Portrait Of Malcolm XMalcolm Little didn’t show much promise. Smart as a whip, he used his brain as a young man to be a thief, gambler, drug dealer and pimp, a small time Harlem racketeer out of Milwaukee. Of course he was caught and sent to prison, but that’s where his story, and his name, changes, as he grew to be the man who would become one of the most influential voices of the latter 20th Century, and today is his birthday,


In prison Malcolm Little became a voracious reader, and a convert to Islam. Upon his release as Malcolm X in 1952, he became one of the most controversial and original voices in America, an articulate champion of Civil Rights and a staunch defender of Black Separatism as taught by the Nation of Islam’s leader, Elijah Muhammad.

Malcolm X was the man who converted Heavyweight Champion Cassius Clay to Islam, when he became Muhammad Ali.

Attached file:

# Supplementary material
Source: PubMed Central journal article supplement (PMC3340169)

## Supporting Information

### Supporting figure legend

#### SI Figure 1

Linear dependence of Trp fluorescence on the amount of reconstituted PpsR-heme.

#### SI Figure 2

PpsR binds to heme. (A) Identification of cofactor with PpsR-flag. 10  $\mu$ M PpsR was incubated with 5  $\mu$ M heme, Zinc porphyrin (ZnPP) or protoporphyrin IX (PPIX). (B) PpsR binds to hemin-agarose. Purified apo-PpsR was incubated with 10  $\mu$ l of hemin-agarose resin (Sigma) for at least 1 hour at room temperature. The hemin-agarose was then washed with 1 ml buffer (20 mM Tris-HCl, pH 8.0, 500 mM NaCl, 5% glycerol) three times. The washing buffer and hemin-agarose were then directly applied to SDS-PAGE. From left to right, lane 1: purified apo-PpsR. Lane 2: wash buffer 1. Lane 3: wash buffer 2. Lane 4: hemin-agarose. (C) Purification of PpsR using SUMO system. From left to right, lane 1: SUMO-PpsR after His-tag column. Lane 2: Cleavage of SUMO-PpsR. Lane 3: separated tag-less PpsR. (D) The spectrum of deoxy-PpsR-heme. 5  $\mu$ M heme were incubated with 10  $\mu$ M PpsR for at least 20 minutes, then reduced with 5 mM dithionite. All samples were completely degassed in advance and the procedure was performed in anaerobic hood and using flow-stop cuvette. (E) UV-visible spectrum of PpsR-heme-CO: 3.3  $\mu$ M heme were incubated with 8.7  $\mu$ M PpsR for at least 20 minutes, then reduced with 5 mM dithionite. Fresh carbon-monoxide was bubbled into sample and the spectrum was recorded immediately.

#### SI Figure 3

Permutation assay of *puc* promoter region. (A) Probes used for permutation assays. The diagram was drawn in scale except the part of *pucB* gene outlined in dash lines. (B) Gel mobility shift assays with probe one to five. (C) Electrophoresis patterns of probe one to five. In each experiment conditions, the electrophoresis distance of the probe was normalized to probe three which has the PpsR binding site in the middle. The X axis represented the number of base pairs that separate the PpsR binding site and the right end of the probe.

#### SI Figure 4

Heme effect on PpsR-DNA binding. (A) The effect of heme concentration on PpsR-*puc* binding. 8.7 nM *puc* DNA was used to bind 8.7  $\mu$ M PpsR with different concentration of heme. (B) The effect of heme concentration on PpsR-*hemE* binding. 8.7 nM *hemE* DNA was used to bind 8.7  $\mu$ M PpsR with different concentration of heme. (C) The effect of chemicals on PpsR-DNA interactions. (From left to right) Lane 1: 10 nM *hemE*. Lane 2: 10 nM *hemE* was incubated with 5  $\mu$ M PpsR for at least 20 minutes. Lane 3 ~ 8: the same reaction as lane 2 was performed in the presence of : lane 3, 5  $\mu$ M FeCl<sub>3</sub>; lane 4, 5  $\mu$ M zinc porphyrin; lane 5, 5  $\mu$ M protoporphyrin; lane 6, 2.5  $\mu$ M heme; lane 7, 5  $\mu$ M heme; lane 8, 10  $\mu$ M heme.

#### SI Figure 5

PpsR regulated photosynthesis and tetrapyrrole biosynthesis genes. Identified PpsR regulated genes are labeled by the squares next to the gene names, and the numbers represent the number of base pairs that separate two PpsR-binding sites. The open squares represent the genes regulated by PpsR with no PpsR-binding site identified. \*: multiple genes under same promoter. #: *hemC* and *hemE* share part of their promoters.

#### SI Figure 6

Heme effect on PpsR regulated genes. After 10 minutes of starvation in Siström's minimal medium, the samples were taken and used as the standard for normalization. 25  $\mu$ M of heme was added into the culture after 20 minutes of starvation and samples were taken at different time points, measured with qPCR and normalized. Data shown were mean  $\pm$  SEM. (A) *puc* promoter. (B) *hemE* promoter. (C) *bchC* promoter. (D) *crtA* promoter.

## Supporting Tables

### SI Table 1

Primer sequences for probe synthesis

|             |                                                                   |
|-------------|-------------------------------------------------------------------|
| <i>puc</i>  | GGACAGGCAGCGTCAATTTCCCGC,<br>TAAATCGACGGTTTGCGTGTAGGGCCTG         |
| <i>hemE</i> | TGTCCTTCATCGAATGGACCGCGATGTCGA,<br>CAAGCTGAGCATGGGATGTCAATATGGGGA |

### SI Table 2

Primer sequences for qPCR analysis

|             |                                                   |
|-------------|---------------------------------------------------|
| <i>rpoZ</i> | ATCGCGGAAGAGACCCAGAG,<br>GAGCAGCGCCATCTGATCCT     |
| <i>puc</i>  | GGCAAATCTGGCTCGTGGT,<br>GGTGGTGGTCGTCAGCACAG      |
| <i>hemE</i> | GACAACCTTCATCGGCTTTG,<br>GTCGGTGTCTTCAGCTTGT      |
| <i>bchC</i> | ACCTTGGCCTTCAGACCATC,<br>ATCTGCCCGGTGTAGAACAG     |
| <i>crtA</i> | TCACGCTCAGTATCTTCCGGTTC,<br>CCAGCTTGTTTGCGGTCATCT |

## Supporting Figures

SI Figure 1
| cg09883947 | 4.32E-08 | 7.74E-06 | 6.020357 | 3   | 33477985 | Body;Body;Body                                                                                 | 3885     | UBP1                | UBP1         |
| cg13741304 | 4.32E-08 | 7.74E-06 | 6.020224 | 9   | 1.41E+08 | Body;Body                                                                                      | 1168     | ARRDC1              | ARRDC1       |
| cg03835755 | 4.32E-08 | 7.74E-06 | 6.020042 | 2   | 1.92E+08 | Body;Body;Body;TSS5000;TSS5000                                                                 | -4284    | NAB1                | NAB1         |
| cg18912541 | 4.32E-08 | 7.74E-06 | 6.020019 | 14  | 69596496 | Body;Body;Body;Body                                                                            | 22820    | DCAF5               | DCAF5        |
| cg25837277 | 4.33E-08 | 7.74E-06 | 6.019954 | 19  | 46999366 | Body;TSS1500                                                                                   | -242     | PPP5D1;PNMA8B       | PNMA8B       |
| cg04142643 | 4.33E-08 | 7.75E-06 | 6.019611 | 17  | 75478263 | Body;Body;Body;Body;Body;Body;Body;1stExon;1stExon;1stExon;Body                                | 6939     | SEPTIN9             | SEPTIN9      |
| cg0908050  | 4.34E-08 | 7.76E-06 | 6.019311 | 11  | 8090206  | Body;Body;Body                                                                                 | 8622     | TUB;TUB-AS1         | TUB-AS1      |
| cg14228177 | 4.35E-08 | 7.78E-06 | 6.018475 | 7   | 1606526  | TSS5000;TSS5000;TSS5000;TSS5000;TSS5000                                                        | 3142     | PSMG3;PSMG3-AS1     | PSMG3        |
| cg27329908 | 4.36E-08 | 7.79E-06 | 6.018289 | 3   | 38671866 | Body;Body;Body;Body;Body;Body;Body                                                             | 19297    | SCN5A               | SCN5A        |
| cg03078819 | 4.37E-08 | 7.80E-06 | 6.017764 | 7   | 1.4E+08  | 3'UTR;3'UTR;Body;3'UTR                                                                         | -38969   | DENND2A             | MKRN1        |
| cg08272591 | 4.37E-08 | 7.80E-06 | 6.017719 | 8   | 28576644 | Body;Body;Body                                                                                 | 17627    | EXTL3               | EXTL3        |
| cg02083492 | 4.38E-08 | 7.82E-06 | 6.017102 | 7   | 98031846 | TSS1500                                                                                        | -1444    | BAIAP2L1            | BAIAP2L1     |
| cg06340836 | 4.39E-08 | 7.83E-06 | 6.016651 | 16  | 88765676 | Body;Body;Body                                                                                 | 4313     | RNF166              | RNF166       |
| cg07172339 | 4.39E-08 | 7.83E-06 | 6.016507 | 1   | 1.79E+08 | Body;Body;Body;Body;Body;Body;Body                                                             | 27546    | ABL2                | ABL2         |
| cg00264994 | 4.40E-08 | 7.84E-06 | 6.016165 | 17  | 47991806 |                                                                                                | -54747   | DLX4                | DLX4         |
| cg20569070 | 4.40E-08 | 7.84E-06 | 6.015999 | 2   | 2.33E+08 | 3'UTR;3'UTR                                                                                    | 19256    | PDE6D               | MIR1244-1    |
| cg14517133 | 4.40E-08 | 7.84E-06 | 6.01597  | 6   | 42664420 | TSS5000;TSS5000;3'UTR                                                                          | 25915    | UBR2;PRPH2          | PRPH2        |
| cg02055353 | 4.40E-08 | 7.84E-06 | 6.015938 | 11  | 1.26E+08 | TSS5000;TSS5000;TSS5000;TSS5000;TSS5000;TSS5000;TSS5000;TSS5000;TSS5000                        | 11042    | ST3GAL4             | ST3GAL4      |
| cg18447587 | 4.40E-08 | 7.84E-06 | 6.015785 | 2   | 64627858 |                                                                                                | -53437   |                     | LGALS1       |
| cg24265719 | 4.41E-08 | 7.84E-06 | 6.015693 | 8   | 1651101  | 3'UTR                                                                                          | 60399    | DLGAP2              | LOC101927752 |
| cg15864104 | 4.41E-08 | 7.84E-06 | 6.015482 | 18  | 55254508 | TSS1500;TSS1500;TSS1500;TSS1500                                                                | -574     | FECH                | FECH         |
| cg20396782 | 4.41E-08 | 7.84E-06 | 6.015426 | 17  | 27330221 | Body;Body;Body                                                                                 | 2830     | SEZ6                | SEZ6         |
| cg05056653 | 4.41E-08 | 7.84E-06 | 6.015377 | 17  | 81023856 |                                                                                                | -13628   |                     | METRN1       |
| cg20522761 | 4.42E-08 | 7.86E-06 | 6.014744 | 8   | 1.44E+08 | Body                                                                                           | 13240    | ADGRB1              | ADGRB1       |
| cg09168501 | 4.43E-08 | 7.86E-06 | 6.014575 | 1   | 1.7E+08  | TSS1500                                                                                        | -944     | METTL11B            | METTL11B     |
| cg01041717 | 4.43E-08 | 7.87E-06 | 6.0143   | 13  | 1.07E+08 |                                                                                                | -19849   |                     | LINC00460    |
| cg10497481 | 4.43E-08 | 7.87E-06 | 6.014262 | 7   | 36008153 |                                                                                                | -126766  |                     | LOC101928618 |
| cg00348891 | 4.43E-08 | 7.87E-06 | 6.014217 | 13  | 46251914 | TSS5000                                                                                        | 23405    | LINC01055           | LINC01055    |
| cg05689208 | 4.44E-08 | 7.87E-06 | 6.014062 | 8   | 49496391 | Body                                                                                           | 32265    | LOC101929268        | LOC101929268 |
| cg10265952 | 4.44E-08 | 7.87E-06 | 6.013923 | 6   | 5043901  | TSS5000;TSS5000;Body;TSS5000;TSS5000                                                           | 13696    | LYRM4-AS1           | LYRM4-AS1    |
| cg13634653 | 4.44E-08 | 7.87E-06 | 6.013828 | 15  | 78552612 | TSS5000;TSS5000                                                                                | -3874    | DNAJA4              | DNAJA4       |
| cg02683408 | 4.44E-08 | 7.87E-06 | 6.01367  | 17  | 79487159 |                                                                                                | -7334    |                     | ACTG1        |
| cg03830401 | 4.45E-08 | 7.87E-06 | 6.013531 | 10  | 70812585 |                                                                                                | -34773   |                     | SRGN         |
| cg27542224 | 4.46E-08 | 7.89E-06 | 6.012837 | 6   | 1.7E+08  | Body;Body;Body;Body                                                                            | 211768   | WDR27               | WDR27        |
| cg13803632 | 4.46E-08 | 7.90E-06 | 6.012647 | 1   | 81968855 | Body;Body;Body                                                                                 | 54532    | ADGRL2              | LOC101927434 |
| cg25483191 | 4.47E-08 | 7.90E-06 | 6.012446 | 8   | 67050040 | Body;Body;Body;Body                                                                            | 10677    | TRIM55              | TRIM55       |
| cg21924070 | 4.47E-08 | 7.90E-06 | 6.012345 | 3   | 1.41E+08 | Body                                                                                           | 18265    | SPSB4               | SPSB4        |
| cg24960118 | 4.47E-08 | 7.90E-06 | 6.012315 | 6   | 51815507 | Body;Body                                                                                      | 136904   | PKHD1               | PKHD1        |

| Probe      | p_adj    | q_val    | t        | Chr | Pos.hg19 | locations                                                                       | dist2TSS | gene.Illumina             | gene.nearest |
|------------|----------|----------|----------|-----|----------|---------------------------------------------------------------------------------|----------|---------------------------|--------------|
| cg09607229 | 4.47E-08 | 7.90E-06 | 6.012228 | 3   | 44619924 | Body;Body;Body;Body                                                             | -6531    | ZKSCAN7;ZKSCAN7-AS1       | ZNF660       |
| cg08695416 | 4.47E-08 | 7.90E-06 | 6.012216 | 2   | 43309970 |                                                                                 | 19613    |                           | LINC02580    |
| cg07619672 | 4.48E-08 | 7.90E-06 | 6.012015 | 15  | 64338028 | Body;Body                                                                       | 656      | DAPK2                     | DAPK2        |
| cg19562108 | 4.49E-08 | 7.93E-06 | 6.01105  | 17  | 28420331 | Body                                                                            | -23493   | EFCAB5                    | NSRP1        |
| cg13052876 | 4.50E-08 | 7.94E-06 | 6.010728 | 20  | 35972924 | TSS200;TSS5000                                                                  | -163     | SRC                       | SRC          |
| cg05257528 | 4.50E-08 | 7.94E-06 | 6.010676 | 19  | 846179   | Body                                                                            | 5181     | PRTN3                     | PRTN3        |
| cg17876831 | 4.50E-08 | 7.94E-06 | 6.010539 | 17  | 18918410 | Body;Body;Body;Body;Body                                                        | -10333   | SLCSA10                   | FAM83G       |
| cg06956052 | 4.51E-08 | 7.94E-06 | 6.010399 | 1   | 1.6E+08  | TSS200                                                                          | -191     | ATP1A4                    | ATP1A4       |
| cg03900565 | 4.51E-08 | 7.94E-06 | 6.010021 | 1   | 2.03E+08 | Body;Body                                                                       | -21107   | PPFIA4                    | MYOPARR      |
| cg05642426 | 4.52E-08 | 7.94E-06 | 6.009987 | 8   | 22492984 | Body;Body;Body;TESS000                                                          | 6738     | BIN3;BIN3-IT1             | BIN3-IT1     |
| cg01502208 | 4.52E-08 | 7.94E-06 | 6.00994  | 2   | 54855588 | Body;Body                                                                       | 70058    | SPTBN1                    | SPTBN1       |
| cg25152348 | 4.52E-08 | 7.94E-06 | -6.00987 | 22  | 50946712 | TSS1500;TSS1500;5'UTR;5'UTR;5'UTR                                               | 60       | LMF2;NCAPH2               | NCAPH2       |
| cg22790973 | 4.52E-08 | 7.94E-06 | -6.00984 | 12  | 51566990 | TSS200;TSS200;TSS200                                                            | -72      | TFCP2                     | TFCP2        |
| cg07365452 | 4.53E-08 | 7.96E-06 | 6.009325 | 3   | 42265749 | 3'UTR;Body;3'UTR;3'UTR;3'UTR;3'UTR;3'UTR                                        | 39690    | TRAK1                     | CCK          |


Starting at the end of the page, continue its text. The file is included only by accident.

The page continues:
His world views changed radically after traveling to Arabia and Africa, when he embraced integration and cooperation among races, openly breaking with the Nation of Islam in 1964. He continued his public appearances, calling for racial harmony and equality, making enemies of many, both old foes and former allies.

A year later Malcolm X was dead from 21 gunshot wounds from 3 assassins who struck in the crowded Audubon Ballroom in Manhattan, where he was scheduled to speak. An important voice was silenced, part of an epidemic of political assassinations in the 1960s that stunned the nation and slowed social progress to a crawl.

•Suggested Activities: Questioning everything.

Leave a Comment

Scroll to Top